When I was growing up, Halloween traditions took a nose dive, shot down by fears (now known to have been exaggerated) of tainted candy, rampant abductions, and Satanic killings. And trick-or-treating in the mall or the community center most certainly was not as good as the Real Thing. So when my own child came into the world, I determined to give him Halloween as it should be: a family holiday that encompasses the community. Here are my family’s top ten, never miss ’em, Halloween traditions:
- Real Pumpkin Picking. Rather than choose a pumpkin from the local grocery store, we visit a local pumpkin farmer. Pumpkins should begin their jack-o-lantern journey by being hefted into the arms of a grinning family member and carried across a vine-stubbled field. My son beamed with pride the year he was strong enough to carry our huge centerpiece pumpkin. Some pumpkin farmers provide additional festivities for the family, everything from hayrides to hot cocoa, so plan to enjoy yourself!
- De-Sliming the Pumpkin. It’s tempting to send the kids into the other room while Mom and Dad perform the less appetizing task of scooping seeds and slime from inside the pumpkin. But there is no fun in it! From the time my son was two, we viewed playing with pumpkin guts the best start to the Spooky Season. After that ordeal, carving the pumpkin is easy!
- Spooki-fying the Great Outdoors. We are most certainly NOT the family with the biggest and baddest haunted house in the neighborhood. But we’re the family that has the best time stretching spider webs from bush to tree to porch, hanging bats from branches and eaves, and stuffing straw into old shirts and trousers to create scarecrows. The end result is an inviting mix of old-fashioned Halloween decor and present-day kid enthusiasm.
- Homemade Costumes. Not everyone in the household gets — or wants! — a homemade costume. But at least one person, or pet, dresses up in a costume created by the family’s own hands. Creating a costume stimulates a child’s imagination and gives us parents great enjoyment, even if the dog only wears his Cowardly Lion mane for five minutes before gnawing through the yarn.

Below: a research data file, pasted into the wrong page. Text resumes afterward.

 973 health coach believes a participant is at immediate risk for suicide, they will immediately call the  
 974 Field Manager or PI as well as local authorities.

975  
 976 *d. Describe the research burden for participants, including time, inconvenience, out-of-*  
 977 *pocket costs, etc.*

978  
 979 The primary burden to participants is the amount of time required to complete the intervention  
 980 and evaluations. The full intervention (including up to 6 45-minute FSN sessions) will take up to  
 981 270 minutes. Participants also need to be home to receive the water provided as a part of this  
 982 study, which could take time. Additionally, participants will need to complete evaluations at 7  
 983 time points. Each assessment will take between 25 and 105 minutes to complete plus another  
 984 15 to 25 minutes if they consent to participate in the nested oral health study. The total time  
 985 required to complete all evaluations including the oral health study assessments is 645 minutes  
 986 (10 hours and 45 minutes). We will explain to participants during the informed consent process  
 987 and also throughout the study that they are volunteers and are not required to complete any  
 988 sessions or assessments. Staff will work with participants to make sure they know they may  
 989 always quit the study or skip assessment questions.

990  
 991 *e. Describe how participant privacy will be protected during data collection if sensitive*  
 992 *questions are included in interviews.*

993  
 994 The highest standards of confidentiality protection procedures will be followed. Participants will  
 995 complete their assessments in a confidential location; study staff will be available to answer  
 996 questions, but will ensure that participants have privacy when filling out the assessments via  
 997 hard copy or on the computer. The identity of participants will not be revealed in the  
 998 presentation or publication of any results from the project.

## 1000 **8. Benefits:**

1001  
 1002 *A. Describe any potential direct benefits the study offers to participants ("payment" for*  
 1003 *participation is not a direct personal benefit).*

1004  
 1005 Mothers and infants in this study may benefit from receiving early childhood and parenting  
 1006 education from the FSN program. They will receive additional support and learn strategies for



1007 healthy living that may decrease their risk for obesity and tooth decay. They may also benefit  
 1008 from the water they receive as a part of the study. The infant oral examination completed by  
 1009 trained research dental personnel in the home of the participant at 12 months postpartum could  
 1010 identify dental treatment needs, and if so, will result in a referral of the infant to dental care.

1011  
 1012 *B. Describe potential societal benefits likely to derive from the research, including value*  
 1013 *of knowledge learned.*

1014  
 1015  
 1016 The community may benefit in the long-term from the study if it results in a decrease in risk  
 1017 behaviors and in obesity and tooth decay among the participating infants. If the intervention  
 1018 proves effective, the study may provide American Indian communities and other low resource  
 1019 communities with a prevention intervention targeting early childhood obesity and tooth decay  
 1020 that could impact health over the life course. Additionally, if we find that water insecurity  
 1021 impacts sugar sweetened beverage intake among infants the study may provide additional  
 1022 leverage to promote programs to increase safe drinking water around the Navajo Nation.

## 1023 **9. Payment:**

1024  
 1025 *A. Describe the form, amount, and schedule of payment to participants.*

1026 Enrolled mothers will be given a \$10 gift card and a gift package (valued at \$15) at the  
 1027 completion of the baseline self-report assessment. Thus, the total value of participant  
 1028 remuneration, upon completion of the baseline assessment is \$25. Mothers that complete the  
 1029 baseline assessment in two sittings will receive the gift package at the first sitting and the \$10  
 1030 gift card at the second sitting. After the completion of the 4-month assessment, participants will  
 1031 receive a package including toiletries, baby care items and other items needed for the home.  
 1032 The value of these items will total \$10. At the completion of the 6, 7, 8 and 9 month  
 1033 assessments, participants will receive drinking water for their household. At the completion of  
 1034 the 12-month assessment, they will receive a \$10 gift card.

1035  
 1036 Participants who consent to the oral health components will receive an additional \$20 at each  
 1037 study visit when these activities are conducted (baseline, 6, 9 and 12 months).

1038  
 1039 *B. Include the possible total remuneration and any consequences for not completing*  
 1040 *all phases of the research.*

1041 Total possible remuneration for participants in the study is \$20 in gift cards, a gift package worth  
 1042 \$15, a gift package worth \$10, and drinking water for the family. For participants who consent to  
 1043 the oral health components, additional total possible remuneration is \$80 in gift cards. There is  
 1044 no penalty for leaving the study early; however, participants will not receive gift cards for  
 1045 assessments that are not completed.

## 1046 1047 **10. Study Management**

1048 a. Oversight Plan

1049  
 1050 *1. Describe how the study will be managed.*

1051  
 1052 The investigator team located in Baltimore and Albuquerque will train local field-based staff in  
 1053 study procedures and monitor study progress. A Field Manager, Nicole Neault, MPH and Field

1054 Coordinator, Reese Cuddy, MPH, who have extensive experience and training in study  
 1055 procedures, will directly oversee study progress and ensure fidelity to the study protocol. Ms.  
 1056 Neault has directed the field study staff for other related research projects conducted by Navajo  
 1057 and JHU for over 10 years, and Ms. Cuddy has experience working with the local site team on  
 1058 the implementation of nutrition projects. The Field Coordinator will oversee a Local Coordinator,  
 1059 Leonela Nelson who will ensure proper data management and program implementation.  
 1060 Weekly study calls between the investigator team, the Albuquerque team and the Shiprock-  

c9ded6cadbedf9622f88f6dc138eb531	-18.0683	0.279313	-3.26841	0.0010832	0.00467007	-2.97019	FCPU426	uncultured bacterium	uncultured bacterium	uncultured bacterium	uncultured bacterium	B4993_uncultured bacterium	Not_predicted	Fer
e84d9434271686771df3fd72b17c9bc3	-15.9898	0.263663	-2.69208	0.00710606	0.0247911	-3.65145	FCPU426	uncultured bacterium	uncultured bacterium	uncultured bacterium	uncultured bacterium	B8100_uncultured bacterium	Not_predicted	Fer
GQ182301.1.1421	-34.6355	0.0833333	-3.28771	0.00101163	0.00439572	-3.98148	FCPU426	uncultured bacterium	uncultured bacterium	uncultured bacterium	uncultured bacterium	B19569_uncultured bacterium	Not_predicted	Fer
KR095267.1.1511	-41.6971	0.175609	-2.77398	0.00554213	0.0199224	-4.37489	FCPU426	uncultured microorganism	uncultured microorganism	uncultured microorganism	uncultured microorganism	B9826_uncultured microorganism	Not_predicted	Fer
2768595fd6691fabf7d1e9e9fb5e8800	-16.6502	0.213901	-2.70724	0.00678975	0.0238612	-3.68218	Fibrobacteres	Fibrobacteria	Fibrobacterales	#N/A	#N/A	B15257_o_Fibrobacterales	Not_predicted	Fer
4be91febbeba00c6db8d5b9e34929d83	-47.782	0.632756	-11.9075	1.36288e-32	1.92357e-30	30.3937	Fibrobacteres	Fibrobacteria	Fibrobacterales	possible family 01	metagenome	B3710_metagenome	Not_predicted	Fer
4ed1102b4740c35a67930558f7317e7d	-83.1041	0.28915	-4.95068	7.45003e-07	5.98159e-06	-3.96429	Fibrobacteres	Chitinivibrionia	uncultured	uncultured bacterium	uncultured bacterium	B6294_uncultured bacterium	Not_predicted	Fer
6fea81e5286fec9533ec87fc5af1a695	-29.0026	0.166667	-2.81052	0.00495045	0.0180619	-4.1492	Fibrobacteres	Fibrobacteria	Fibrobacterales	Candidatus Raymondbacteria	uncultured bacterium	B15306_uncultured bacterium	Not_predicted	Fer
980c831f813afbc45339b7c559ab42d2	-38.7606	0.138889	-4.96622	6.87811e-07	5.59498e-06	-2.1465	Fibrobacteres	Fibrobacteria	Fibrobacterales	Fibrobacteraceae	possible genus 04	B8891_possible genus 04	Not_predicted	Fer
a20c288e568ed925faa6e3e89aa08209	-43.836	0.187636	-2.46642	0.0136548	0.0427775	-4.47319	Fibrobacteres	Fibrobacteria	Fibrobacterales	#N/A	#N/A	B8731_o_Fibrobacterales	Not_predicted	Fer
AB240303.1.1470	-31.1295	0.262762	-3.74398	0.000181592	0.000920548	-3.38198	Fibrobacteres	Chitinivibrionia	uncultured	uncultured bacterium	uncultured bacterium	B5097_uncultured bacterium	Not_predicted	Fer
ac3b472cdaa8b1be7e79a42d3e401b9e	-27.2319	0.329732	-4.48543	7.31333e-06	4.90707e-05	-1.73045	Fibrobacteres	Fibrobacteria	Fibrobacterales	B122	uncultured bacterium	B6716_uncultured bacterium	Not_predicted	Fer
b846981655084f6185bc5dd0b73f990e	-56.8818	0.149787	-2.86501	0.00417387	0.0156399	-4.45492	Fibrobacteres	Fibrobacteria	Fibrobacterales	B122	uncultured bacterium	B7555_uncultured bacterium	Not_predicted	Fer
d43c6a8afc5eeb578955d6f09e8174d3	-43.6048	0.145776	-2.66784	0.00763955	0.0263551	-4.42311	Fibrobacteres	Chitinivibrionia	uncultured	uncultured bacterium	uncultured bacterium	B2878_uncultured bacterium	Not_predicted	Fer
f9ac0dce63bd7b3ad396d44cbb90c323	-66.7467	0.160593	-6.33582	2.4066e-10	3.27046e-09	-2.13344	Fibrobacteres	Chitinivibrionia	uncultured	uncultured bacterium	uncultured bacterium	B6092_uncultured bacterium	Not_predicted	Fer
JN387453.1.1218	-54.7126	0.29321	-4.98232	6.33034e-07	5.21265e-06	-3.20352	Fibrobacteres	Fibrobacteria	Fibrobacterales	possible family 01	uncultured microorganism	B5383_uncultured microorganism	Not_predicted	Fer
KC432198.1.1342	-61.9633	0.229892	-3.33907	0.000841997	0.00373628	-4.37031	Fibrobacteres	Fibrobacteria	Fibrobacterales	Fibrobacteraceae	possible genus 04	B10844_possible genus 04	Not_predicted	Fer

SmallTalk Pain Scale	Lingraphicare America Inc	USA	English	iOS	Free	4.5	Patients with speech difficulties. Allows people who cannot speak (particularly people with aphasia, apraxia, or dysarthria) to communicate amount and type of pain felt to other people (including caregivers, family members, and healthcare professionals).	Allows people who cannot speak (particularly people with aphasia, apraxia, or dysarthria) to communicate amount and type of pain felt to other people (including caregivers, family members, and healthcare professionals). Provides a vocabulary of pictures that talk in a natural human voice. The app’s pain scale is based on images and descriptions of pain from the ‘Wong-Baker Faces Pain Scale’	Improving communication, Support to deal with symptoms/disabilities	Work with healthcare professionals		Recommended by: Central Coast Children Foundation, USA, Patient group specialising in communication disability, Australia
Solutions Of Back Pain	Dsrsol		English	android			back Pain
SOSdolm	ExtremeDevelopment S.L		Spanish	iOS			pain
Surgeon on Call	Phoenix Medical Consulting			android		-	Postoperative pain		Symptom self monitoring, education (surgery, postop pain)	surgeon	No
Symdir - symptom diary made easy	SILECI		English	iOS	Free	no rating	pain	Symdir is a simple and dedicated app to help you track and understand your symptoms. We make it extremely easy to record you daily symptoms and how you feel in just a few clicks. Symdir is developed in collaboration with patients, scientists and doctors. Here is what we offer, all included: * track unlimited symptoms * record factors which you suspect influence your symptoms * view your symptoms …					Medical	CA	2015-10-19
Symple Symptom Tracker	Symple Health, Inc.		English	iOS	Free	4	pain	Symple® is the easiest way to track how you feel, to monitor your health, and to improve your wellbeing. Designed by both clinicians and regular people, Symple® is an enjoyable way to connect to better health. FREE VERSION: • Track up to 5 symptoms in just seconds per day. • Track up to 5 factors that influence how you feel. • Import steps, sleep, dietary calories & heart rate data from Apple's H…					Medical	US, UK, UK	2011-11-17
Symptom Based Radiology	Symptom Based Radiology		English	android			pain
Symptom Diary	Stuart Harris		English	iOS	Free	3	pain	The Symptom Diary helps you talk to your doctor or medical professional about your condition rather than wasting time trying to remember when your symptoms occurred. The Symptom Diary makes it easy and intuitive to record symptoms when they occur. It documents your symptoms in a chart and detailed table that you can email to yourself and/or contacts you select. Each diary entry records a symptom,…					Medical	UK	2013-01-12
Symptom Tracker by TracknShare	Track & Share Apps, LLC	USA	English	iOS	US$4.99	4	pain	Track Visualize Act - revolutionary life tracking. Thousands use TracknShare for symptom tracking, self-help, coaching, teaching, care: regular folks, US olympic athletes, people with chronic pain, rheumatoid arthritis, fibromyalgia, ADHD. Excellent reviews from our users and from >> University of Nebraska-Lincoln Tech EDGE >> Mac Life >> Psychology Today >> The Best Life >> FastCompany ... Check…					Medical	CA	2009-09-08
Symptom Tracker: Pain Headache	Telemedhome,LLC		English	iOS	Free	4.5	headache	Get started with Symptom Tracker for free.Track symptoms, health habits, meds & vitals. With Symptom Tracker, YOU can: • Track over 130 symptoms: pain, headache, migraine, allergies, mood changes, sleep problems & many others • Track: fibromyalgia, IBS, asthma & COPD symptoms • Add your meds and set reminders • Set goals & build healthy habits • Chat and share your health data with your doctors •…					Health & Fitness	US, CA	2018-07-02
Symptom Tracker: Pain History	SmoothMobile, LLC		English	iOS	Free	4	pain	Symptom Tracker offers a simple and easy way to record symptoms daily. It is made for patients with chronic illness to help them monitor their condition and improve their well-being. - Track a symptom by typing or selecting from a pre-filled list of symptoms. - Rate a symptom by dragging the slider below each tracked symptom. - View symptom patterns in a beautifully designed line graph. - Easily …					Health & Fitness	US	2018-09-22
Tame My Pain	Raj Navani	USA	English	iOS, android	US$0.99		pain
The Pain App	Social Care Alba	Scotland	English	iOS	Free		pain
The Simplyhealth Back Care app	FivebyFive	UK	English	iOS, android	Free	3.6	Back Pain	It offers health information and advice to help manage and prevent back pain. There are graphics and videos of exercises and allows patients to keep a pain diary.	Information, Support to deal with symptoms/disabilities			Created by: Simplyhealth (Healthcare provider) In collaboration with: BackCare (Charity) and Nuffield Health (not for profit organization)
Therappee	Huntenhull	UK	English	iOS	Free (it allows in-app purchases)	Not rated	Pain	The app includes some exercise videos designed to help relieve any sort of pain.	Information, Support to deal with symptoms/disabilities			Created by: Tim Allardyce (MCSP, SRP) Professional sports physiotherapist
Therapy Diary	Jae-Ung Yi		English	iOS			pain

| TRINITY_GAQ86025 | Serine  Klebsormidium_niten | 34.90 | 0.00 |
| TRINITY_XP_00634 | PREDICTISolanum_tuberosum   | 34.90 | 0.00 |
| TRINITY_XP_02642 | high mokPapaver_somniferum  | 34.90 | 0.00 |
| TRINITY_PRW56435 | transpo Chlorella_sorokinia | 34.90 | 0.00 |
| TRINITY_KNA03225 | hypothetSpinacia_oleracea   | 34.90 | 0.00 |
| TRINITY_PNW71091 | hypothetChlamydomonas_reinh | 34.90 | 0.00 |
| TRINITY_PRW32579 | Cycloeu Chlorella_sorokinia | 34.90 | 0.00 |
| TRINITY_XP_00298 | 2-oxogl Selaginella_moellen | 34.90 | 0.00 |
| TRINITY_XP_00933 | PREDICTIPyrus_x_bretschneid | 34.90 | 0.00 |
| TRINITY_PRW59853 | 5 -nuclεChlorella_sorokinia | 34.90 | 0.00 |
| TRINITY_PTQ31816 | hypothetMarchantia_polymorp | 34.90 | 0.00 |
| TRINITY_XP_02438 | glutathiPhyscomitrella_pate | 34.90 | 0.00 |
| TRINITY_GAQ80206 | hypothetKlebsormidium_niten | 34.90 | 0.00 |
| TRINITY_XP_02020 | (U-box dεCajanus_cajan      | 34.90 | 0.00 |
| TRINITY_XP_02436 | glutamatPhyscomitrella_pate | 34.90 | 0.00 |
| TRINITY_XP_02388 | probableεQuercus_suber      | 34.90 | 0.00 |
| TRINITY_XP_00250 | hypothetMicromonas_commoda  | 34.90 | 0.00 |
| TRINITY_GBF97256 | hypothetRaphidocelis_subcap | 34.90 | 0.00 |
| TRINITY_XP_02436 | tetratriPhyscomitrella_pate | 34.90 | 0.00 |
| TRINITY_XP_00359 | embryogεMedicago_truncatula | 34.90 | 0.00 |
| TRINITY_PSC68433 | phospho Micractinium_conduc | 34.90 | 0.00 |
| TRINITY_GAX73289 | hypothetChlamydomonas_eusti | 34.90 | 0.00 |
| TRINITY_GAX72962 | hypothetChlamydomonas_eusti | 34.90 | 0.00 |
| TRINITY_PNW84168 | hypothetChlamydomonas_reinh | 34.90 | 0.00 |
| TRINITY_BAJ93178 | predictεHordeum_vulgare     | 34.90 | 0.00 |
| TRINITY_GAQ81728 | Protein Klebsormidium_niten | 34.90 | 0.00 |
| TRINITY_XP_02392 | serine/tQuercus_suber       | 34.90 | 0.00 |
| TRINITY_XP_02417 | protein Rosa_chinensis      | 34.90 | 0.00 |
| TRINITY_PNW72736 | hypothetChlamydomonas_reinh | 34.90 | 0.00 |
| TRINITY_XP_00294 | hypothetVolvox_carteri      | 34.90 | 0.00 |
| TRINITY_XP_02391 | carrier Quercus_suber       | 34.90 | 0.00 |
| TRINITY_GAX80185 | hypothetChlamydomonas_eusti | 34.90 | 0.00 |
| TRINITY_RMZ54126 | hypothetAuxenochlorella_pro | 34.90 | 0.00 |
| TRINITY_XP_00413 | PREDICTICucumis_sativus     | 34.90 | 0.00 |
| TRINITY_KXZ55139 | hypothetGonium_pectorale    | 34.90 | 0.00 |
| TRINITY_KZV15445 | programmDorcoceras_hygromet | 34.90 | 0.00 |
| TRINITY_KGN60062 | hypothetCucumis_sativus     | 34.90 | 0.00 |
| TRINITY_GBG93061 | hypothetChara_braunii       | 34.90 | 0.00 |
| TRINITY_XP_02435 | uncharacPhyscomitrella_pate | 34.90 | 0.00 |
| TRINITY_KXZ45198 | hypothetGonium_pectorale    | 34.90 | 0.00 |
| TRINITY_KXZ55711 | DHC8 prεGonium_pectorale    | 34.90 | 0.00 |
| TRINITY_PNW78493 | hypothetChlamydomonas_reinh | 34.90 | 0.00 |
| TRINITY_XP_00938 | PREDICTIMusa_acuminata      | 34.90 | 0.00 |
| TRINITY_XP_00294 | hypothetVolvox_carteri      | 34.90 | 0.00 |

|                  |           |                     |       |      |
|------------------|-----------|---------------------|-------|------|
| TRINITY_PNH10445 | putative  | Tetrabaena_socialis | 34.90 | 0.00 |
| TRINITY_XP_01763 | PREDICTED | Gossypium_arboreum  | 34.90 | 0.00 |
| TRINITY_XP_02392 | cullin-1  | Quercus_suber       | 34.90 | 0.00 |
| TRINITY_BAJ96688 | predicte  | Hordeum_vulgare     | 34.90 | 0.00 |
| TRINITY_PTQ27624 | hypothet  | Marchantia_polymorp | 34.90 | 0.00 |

- Grown-ups Must Costume, Too. No one in our home escapes playing dress up, even if the costume consists of little more than a flowing scarf tied around the waist of an average dress and a pair of over-sized hoop earrings to create a Gypsy. A costume gives the person permission to smile more easily, laugh more richly, and feel more deeply. No wonder children love Halloween!
- Pillowcases. Forget little plastic pumpkins. Real trick-or-treating is done with a cloth sack, and pillowcases are ideal for the five-and-up crowd. Kids love to sling the loot bag over their shoulder as they trek from house to house. It simply feels like more candy when it’s in a sack.
- Caramel Apples and Popcorn. We make our caramel from scratch. Basic recipes are easy to find, and it’s far easier to make your own caramel than you might think! Rather than dip whole apples, we cut them into wedges for dipping, and provide added toppings like mini chocolate chips, nuts, and sprinkles. The apples provide a little bit of healthy eating in the midst of Candy Heaven and, along with the low-calorie popcorn, give parents a low-guilt snacking option of their own. Which leads me to…
- Open Door Policy. Unless it’s unseasonably cold, our front door stays open until the last trick-or-treater goes home. After all, we have all those apples, all that caramel, and piles of popcorn to share! Our home has become the Base of Operations for many families in the neighborhood. We parents work in shifts — some accompanying the kids on their rounds, some manning their own front doors, and the rest of us making sure the apples and popcorn are eaten, and the spiced cider kept hot. The kids pop in and out, taking a break from candy-gathering to slurp down some cider and deliver bright-eyed reports about neighborhood costumes, decorations, and the antics of their friends. It’s both festive and relaxing, a social gathering that lacks all the pressure and expectations of the winter holidays, and our family looks forward to it every year.
- Looking for the Last Light. After all the fun, it’s tough to bring it to an end. Sadly, many communities have opted to decree an official end to trick-or-treating rather than rely on the traditional turned-off porch light. So when that time approaches, and the kids begin the annual “Just one more house!” begging, I make sure our porch light is lit. After all, Halloween is the one night of the year when all your friends and neighbors roam the streets around home. It shouldn’t be brought to an early end for the sake of mere convenience.
- Crash On the Floor. Once all the kids and parents have gone home, and all the treat bowls are empty, our family flops down on the living room floor to examine the loot. While some parents choose to make this a frightening exercise, telling the child not to touch anything for fear of poison, we opt for a more relaxed approach. Of course we look over the candy, but we do so with smiles and jokes, and while sharing a few chosen pieces of candy. My son thinks of this tradition as the time to share the night’s stories — as it should be — rather than a ritual born of fear. A child’s Halloween, spooky as it can be, should never be tainted with parental fears.
What do all of our traditions have in common? They exist only because we have family and friends to share them with. While Halloween is a time of haunted houses, ghost stories, and bump-in-the-night frights, it can also be a time to build your community by introducing the neighborhood to family-based traditions that invite others to join in.